Director: Masaaki Yuasa
Screenplay: Reiko Yoshida
Producers: Eun Young Choi, Yuka Okayasu
Starring: Ryota Katayose, Rina Kawaei, Honoka Matsumoto, Kentaro Ito
BBFC Certification: 12A
Duration: 96 mins
Even as a lifelong animation fan, I remember how cautiously I first approached the world of Anime. For much of my youth as I was nurturing my animation obsession, Anime was less widely available in the UK and the films that tended to get talked about were violent, pornographic extremes that were completely unrepresentative of Japan’s incredibly rich history of animation but which fitted with the prevalent xenophobia of a 90s Britain that regularly reduced all of Japanese culture to images of cheap, humiliating game shows. Like so many others, Studio Ghibli provided my proper introduction to Anime and once the international success of Spirited Away burst that dam, I could scarcely believe the wealth of astonishing films that came flooding out, many of which had existed for decades. With Ghibli as my jumping off point, I hurled myself enthusiastically into an Anime world which still feels dauntingly large but which I’ve loved gradually picking my way through for the past twenty years or so.
In this respect, the arrival of Screen Anime is a cause for major celebration. Created by British Anime distribution company Anime Limited, Screen Anime is a lovingly curated monthly online Anime festival which makes available four films, one series and a bunch of related bonus material for the affordable price of £3.98 a month or a reduced £39.98 per year. For anyone just starting out with Anime, a great way to navigate your way through the vast amount of content on offer is to find specific directors whose work interests you and this month Screen Anime is focusing on one of my favourites, Masaaki Yuasa. Yuasa’s three previous features all blew me away and are among the most inventive Anime’s I’ve seen. While Mind Game and Night is Short, Walk On Girl are both sprawling, ambitious surrealist films with a keen sense of humour, Lu Over the Wall (which, fantastically, is also available as part of this month’s Screen Anime festival) was the Yuasa film I most fell in love with. Though often seen as a more conventional work, this tale of a ningyo, a humanoid-fish creature from Japanese folklore, successfully fused a more traditional narrative with Yuasa’s flair for the bizarre. So when Screen Anime announced that Yuasa’s latest film Ride Your Wave was their ‘Hot New Film’ this month, I jumped at the chance to review it.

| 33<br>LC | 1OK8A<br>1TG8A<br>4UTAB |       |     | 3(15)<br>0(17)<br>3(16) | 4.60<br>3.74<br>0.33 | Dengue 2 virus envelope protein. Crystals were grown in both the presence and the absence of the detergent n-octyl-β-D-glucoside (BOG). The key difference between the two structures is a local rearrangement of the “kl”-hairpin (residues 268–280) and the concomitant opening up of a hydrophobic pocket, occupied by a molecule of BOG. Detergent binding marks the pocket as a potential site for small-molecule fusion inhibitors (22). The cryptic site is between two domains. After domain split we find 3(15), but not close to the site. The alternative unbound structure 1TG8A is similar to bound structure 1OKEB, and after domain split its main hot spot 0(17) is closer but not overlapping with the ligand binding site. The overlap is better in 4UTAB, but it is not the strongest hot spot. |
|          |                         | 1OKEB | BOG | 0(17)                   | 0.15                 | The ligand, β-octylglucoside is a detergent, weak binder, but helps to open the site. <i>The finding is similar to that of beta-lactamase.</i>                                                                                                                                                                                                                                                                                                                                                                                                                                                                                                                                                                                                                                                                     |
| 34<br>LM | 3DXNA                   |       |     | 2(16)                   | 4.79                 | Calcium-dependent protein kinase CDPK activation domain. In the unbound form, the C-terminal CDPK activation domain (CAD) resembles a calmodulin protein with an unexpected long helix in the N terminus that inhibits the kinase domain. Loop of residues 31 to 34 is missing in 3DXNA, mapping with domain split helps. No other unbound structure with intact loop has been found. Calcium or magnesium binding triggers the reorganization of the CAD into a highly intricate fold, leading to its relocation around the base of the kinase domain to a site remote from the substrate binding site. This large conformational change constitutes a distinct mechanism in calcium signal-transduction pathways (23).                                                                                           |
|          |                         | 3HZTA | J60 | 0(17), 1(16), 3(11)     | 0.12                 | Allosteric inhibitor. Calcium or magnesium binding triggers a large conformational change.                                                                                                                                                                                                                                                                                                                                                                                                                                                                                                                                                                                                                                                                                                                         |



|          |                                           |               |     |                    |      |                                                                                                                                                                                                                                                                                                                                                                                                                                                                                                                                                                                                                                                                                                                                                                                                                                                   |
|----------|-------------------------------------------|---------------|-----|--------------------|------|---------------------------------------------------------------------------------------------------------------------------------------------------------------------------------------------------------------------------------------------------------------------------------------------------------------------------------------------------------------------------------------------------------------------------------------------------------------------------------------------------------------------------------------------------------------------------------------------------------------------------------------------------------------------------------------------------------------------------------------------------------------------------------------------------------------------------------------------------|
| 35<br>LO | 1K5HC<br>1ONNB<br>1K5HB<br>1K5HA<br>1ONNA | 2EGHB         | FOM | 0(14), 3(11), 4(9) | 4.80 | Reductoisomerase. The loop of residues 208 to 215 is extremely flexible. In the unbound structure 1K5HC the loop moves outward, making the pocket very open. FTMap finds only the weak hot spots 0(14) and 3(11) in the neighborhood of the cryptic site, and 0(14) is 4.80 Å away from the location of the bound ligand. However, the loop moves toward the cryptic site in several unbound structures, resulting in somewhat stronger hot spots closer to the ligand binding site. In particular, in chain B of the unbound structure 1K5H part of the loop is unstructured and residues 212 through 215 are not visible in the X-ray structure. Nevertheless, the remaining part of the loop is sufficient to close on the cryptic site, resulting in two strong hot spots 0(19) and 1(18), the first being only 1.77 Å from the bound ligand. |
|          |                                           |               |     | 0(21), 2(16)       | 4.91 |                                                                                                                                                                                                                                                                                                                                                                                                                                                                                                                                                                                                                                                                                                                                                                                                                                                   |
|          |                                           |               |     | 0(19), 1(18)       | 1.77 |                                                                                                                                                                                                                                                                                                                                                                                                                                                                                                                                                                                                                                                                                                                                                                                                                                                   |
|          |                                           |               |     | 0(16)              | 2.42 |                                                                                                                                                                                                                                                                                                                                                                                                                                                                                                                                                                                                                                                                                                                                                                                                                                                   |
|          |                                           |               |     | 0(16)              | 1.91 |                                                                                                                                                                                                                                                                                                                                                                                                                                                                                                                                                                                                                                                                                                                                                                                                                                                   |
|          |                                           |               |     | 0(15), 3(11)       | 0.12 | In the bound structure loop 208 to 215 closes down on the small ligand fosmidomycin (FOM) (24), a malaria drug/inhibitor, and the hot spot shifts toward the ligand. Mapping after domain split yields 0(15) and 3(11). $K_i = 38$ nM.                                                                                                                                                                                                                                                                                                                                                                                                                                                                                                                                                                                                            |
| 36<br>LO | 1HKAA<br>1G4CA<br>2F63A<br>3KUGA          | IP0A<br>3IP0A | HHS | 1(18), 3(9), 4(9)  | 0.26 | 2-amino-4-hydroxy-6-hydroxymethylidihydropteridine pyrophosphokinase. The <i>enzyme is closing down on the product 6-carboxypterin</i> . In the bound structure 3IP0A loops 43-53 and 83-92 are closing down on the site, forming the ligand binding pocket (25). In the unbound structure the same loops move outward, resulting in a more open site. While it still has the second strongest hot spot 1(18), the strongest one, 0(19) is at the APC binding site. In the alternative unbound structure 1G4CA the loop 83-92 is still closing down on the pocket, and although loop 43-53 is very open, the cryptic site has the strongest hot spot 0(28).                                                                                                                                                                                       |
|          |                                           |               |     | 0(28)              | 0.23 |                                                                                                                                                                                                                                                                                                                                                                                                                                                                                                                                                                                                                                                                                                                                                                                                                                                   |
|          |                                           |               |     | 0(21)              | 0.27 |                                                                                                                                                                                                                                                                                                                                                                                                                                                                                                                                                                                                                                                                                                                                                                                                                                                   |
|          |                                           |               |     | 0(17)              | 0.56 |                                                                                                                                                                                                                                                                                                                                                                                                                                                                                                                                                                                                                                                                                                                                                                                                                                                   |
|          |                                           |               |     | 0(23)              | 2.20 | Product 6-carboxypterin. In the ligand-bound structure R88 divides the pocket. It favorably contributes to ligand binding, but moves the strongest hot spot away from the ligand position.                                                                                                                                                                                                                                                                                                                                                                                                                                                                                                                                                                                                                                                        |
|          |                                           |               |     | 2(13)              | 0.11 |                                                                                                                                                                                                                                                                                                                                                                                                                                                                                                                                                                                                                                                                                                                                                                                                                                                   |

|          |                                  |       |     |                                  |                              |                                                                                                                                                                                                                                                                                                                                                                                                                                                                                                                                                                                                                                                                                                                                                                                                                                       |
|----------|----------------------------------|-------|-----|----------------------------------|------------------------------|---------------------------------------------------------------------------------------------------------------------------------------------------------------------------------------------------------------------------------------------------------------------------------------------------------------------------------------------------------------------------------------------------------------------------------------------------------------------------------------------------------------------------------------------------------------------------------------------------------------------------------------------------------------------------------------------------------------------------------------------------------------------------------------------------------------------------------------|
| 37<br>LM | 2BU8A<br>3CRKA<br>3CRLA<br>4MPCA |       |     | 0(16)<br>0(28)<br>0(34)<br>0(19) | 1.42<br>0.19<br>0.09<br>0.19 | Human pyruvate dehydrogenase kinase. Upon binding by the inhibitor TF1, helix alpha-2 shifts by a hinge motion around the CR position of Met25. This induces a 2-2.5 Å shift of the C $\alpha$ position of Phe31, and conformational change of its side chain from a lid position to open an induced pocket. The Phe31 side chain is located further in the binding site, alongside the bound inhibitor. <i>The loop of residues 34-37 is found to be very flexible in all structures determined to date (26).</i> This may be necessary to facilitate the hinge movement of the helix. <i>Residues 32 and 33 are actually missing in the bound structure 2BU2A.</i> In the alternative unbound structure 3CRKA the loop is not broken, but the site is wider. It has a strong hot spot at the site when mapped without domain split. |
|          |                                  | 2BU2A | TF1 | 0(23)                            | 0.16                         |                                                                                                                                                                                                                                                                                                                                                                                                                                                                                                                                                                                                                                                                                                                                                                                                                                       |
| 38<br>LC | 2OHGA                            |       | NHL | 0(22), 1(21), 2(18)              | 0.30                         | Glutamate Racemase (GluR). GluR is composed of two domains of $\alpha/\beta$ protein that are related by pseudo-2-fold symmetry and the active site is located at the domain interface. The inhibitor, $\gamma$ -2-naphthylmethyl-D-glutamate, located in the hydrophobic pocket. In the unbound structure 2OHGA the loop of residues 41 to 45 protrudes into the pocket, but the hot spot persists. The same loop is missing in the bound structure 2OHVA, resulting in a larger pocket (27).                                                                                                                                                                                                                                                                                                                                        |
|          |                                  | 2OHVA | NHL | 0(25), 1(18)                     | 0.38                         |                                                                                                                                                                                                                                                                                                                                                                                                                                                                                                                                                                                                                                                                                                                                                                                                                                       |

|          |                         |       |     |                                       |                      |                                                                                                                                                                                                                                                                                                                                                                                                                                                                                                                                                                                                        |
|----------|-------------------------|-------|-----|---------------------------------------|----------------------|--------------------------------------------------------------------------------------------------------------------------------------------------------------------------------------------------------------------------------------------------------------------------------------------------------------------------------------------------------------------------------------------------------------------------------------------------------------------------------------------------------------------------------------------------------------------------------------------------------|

It’s difficult to summarise Ride Your Wave without mentioning a key plot point so please note that this review does contain a spoiler for a plot point that occurs about 30 minutes into the film. It shouldn’t affect most viewers’ enjoyment too much but those who like to go into a film completely cold should stop reading at this point. Hinako is a keen surfer who moves to an oceanside apartment to attend college. When an illegal fireworks display sets fire to her building, she is rescued by Minato, a young firefighter. When Minato asks Hinako to teach him how to surf, a romance blossoms between the two across one glorious summer. But when Minato impetuously attempts to go surfing alone he is tragically drowned, leaving Hinako devastated. Despite striking up a casual friendship with Minato’s cynical sister Yoko and his former colleague Wasabi, Hinako cannot get over Minato’s death and is delighted when she finds that she can summon his spirit in water by singing the song ‘Brand New Story’, a meaningful tune from their courtship. Although Hinako can now spend time with Minato again, she appears to be the only one who can see him. And if her conversations with water bottles and toilets aren’t enough to raise eyebrows, her attempts to get around their inability to touch each other by carrying around a lifesize, water-filled rubber porpoise lead Yoko and Wasabi to seriously question Hinako’s sanity.